WHEN President Clinton averred that he had never known anyone with as strong a sense of right and wrong as Mrs. Clinton, it provided Sen. Al D'Amato, R-N.Y., the chance to get off the stinging rejoinder: "That's the problem."
Before anything is proved about what happened or did not happen with the Clintons' Whitewater deals, one thing is becoming clear. These people who came to Washington proclaiming the dawn of the new Democrat are not just old Democrats (taxing, spending, endorsing quotas, weak on defense), they are practitioners, par excellence, of old politics (cash for influence, back scratching, sweetheart deals, womanizing).
Upon examination, President Bill Clinton is beginning to resemble not his hero, Thomas Jefferson, whose memory was heavy-handedly invoked during inauguration week, and not George Washington, but George Washington Plunkitt, the Tammany Hall pol whose autobiography contained the memorable defense of "honest" graft: "I seen my opportunities, and I took 'em."
Read the March 21 edition of National Review. Rick Brookhiser provides a Whitewater primer that sketches the outlines of the Clintons' cozy business/government/friendship ties. To the constant refrain from the White House that there have been no allegations of wrongdoing by the president, there can be only one response: How many allegations do you want?
There is the allegation that then-Governor Clinton asked his friend and business partner James McDougal to help out the family finances by hiring Hillary Rodham Clinton at $2,000 per month. It is not disputed that HRC received a $2,000-a-month retainer to represent Mr. McDougal's savings and loan before the Arkansas Securities Department, the commissioner of which -- one Beverly Bassett -- had been appointed by Bill Clinton. Since Madison was taking on water in 1985, HRC conceived a plan to save it. She petitioned the Securities Department to permit Madison Guaranty to sell preferred stock. In a letter addressed to "Dear Hillary," Ms. Bassett (what do you know!) approved.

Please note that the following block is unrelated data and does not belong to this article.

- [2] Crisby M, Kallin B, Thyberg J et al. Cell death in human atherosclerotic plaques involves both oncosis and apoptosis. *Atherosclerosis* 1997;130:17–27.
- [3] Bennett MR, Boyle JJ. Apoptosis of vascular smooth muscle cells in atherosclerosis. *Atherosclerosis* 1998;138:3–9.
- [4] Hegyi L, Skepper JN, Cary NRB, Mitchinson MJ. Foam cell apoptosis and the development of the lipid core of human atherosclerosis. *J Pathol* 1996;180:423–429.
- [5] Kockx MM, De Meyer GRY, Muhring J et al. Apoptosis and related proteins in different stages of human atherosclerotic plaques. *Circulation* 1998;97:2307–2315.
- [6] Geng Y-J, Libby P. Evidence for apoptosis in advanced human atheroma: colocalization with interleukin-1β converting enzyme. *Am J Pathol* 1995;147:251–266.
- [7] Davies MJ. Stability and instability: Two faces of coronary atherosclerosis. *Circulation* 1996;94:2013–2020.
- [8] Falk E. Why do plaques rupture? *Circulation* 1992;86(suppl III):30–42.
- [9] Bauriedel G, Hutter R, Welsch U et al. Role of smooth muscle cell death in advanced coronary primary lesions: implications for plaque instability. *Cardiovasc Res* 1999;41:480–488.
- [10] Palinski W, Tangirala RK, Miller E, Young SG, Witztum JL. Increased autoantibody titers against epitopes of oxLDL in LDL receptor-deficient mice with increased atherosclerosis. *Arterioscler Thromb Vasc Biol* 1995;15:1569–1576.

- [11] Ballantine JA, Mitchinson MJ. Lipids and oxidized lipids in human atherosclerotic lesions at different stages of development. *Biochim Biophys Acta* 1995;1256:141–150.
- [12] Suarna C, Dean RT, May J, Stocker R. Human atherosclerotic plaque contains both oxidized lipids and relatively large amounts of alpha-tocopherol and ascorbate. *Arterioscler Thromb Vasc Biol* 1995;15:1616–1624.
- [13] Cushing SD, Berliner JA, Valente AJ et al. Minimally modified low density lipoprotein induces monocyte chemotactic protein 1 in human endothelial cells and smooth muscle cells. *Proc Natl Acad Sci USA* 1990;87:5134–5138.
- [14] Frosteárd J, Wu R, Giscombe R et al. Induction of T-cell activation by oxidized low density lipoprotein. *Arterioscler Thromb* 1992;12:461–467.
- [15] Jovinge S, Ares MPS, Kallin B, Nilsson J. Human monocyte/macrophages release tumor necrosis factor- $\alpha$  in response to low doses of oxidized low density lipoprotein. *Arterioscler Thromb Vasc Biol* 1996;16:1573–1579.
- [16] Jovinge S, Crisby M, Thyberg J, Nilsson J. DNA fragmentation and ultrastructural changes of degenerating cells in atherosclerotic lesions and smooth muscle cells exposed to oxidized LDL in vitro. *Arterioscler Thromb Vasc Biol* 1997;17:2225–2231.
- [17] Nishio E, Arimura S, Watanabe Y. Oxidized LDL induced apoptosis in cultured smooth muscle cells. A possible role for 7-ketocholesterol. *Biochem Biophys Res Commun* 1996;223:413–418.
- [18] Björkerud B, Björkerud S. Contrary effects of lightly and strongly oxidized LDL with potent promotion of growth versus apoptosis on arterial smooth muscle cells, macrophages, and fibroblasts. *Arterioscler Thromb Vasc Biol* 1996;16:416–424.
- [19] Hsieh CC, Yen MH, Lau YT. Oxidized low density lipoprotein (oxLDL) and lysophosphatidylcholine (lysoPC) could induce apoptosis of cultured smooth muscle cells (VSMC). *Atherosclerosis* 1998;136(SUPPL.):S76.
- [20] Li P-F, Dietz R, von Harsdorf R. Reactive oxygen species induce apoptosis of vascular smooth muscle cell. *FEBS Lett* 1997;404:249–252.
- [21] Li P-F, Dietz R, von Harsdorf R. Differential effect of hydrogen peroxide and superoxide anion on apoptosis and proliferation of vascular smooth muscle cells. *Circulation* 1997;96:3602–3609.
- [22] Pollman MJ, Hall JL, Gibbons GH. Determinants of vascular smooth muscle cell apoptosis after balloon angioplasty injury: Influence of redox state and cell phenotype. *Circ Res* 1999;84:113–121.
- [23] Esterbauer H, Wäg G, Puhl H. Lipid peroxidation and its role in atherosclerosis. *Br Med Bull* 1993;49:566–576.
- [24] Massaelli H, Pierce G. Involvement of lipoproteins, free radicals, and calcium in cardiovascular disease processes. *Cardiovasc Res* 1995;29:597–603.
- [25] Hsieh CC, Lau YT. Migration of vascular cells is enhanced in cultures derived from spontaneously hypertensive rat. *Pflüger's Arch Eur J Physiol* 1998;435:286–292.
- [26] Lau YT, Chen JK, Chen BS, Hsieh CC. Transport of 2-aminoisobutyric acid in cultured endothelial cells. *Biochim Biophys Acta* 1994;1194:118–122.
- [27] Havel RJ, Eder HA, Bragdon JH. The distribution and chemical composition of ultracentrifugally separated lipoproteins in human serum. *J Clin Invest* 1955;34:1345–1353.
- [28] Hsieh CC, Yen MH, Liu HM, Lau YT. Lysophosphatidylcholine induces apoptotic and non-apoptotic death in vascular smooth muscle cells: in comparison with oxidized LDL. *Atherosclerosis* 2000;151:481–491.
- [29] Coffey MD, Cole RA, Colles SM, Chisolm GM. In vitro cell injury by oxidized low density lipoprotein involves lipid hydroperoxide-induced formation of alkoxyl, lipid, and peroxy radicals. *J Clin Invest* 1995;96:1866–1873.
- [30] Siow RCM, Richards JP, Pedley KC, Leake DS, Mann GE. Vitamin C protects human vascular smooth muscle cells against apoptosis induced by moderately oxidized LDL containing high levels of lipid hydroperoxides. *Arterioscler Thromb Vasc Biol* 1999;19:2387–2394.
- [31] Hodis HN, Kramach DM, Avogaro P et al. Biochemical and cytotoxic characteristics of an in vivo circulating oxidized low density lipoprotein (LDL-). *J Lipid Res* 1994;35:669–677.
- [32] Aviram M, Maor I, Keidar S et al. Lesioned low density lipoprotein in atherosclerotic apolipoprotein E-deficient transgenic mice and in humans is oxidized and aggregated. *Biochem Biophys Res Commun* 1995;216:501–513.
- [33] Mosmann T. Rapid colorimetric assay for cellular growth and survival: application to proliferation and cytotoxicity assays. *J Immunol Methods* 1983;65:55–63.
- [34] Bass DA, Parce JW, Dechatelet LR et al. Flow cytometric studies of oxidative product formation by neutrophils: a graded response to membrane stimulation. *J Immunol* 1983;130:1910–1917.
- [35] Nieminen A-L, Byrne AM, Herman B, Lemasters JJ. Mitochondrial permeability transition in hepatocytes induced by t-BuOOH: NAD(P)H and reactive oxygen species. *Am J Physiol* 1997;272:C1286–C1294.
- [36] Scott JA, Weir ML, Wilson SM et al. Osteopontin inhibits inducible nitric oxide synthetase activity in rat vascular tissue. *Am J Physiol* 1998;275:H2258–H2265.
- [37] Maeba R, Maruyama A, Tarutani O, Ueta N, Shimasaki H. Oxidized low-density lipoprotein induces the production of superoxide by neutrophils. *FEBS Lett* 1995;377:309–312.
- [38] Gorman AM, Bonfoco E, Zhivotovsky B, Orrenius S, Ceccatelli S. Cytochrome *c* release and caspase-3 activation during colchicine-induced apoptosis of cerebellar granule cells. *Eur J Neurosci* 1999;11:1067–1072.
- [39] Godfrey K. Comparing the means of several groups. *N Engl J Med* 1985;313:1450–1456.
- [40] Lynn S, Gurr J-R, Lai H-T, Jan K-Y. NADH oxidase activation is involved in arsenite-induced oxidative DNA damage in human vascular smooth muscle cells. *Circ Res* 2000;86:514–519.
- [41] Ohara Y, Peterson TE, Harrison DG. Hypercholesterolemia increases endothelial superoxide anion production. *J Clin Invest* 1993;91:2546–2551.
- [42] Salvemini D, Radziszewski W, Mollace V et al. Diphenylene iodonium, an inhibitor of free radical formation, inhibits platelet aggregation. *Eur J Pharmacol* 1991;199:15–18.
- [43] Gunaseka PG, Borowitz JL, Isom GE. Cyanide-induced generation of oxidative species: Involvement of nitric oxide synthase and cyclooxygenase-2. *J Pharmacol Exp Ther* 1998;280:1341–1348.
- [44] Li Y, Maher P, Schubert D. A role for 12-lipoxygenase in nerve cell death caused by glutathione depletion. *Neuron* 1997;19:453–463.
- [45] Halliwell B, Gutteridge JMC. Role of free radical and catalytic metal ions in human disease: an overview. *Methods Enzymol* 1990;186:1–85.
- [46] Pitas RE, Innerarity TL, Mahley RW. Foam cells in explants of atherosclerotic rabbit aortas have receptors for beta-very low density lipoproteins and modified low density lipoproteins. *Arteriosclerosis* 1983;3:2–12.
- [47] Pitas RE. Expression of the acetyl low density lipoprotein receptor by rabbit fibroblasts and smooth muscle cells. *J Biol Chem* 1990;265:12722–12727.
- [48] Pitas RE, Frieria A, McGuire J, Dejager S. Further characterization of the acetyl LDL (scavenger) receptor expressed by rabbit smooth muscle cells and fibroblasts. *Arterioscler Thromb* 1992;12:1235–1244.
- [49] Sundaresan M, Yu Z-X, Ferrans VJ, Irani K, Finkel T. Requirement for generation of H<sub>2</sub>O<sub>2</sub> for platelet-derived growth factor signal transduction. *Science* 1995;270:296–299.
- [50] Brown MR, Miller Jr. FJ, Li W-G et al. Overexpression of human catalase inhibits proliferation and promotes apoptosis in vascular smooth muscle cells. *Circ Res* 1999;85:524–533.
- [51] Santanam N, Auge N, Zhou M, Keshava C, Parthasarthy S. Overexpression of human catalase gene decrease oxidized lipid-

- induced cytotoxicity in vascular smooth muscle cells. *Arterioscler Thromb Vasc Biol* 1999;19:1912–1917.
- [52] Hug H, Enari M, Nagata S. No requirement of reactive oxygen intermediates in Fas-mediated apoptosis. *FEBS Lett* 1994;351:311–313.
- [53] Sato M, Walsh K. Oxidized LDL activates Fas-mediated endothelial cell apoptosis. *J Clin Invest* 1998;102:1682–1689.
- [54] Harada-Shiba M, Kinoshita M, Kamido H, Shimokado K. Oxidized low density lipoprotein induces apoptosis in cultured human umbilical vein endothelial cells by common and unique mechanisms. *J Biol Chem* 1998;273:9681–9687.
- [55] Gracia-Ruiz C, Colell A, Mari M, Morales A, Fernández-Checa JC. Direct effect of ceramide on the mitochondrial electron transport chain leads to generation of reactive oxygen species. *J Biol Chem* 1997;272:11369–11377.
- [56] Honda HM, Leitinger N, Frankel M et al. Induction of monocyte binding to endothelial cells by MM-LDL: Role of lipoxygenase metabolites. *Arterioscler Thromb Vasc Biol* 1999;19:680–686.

Friends, if a Republican had done that, the press would be echoing with words like "sleaze," "conflict of interest," "greed" and "abuse of power." We would be treated to morality lessons, on the order of "This is why the S&L; screw-up is costing taxpayers so many billions of dollars." James Carville, former campaign manager for the Clinton campaign, quoted Ms. Clinton as saying, "We were never about money." So they say. But check the books. Even the evidence available now suggests otherwise. The Clintons spent the 1980s buying and selling and engaging in transactions whose complexity thwarts understanding even today -- not the stuff of financial naifs.
But even if their claim to have lost money on the deal turns out to be true, it is amazing that some in the press are willing to accept this as evidence of moral virtue. When Republicans lose money, they are accused of excessive greed. When Democrats lose money, it's evidence of their moral superiority.
Chew on this. There is an allegation that, as governor, Bill Clinton leaned on David Hale, then running an arm of the Small Business Administration, to "help Jim and me out." The Clintons deny this. But it is a fact that the SBA, tasked with helping minority entrepreneurs, did make a $300,000 loan to Susan McDougal, former wife of James and partner in Whitewater Development Corp., and $150,000 of that sum was invested in Whitewater. That makes the Clintons the beneficiaries of a federal program aimed at helping struggling businessmen. Do you smell rotting fish?
Here's another allegation. If it is true that Vince Foster was working on Whitewater matters before his death, then the Clintons and he were in violation of the law that forbids government employees from working on personal matters for their bosses. Remember the indictment of Sen. Kay Bailey Hutchison?
There is great bitterness among Democrats that the Clintons are being subjected to any scrutiny at all. They lament for the nation. But their cries ring hollow. They created this monster -- the scandal machine -- deploying it first against Richard Nixon, and then against Ronald Reagan, George Bush, Robert Bork, Clarence Thomas, Ed Meese, Richard Allen, Carol Ionnone, Ray Donovan, Theodore Olsen, Elliott Abrams, Caspar Weinberger and dozens more. They created this monster -- and now it has turned on its master.
Mona Charen is a syndicated columnist.